He responds and then calls Margo immediately. He has to call her twice, and is wincing down at his watch, thinking of fancy produce guy waiting in the front, and not having time to be even mildly concerned that he had fully, irrevocably forgotten the name of someone mid-level important two minutes before a meeting. Rest in peace to every brain cell tragically eviscerated in his twenties.
“Hey, hon,” Margo finally answers, with a dulcet tone of mild concern that instantly releases a bit of tightness in his chest. “What’s up? We don’t do the double call for nothing.”
He sighs, ducking back into the office, closing the door behind him. “I got an email from Charlie’s teacher,” he says. “She had one of her moods at school. For...seven minutes? Do we think he timed it scream to scream?”
“Aw, nooooo. Baby girl. Well, I’m not surprised. It’s her first week of big kid school and that’s kind of her deal. She has a lot of feelings. Day’s not even done yet, is it?”
“It really is not,” he says. And he shakes his head, pinching the bridge of his nose and leaning on the edge of his desk. Margo was supposed to get her from school, with all of the trivial things he had to do for the restaurant still hanging over his head. “Margo, I need to be the one picking her up,” he says. “I can cancel—the person who is here right now. Whoever he is, I actually have no fucking idea.”
“Charlie already knew I was getting her today, El,” she says. “That might set her off, too.”
It is true that when Charlie was denied Margo time, no matter how plentiful Margo time was otherwise, they usually needed to plan in a buffer of thirty minutes to get anything with her done for the rest of the night. He feels like he should be the one showing up, it’s his kid (which isn’t the strict truth even if you’re just considering between him and Margo, not by a longshot), but he knows she would tell him that if that were a real thing he should be thinking.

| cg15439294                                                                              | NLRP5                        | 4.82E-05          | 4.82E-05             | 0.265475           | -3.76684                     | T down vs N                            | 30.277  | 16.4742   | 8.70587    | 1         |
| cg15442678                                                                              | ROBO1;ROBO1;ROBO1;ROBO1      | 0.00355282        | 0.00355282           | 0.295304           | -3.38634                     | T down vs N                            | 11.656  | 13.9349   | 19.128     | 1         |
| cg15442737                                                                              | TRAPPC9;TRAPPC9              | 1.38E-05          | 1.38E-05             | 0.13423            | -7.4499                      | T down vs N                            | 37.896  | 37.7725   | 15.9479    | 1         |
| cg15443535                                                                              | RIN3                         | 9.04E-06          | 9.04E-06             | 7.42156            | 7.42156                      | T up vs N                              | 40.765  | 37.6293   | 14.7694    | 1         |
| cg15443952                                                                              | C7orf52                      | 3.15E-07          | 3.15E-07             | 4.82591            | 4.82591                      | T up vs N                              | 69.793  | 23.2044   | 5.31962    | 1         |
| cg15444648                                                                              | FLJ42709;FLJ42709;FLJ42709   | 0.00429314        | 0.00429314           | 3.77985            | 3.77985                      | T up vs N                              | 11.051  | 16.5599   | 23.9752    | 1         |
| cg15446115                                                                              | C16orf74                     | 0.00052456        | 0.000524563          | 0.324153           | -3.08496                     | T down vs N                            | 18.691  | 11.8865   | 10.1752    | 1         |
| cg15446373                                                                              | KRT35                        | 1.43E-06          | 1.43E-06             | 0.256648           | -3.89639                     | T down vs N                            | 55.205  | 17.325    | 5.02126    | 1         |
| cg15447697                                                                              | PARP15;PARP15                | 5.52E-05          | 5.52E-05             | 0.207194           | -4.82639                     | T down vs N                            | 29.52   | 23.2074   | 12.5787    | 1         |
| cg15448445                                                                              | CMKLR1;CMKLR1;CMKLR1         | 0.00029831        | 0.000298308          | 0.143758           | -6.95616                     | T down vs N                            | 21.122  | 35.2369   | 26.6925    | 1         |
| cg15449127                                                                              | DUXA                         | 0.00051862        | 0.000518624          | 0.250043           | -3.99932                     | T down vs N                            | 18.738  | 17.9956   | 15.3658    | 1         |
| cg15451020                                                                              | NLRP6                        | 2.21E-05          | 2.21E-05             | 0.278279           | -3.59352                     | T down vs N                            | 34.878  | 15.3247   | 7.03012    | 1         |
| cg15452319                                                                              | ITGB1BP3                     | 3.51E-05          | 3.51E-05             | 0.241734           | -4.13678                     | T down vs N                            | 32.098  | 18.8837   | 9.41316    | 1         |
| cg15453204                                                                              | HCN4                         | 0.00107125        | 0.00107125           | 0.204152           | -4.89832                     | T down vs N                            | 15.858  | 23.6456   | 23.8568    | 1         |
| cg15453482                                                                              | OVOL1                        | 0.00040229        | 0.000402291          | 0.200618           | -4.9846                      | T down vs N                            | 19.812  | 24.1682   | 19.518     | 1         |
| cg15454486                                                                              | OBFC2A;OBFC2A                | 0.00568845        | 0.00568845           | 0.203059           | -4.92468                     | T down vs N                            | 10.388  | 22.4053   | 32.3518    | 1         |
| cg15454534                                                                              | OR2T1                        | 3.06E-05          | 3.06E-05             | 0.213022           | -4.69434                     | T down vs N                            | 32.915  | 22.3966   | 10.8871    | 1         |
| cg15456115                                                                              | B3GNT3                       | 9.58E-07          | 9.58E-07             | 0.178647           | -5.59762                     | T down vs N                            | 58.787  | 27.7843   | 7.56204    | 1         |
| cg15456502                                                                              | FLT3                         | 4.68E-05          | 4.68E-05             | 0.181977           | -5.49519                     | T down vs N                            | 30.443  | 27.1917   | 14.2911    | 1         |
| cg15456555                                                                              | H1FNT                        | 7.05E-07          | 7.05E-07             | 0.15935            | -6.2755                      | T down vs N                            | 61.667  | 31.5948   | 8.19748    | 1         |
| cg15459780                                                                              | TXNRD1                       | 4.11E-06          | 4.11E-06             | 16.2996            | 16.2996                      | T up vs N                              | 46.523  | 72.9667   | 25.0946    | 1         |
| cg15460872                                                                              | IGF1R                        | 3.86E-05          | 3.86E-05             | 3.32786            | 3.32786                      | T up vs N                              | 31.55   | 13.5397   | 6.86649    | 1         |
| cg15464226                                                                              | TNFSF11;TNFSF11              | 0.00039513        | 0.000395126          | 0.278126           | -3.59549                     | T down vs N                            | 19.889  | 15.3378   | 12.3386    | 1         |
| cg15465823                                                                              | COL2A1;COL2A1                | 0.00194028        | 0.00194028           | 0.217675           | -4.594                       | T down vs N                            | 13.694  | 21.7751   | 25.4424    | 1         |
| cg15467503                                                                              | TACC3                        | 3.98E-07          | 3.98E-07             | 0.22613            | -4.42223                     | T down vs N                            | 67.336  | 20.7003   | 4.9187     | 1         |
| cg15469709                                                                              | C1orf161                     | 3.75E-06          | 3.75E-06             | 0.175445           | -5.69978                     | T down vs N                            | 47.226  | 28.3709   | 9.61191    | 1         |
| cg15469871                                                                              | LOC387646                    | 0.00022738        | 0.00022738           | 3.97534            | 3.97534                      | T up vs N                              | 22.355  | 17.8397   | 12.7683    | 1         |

“Annoyingly compelling argument, Bambi,” he says, very fond.
“I know, I’m great. So I’ll get her still. And you can make it work to leave early and we can all be home and talk. Okay?”
“You’re the best co-parent,” he says, which is both appropriate and usually how they say goodbye in public to make people uncomfortable, because it’s ecstatically weird.
“No,” Margo coos back like she always does, “you’re the best co-parent,” and they do a few more no-you’s until Margo says that she has a real fucking job and needs to go, unlike some degenerates.
He has to let her have that one, but then, he usually will.
Charlie gets in as early the next morning as she usually does, one of the first walking down the hall period. Today she is wearing the tiniest sequined combat boots, and black and flannel. She always looks like pictures of a celebrity kid on the cover of the National Enquirer at the grocery store, and the contrast when she really throws a tantrum is almost...charming? Definitely has been making his class life interesting. This year he has a good set of kids who have a bunch of different things going on, as always, life is like that. Charlie is probably not the one who needs the most support. But like all of his kids, he likes her a lot.
“Good morning, Charlie,” Quentin says, and he bends down with one knee on the floor, but he’ll keep it light and unrelated to yesterday to not make her feel singled out. “How are you doing today?”
“Good,” she intones, clearly expecting to just go in as she always does.
“Good!” he says. “Do you know that you can ask me for a hug or a hi-five? This poster on the door?”
She bobs her head, saying, “Yes Mr. Q,” no punctuation in the sentence structure that comes out of her mouth.
“Okay,” he says. None of his other kids have appeared yet, so he can take a little time. “Do you want to ask for something else? What about a...secret handshake?”
A light goes off in her eyes. “What handshake,” she says, no punctuation again.
He grins and stands, pushing himself up on his knee, and says, “Okay, let’s try it out. Do what I do?”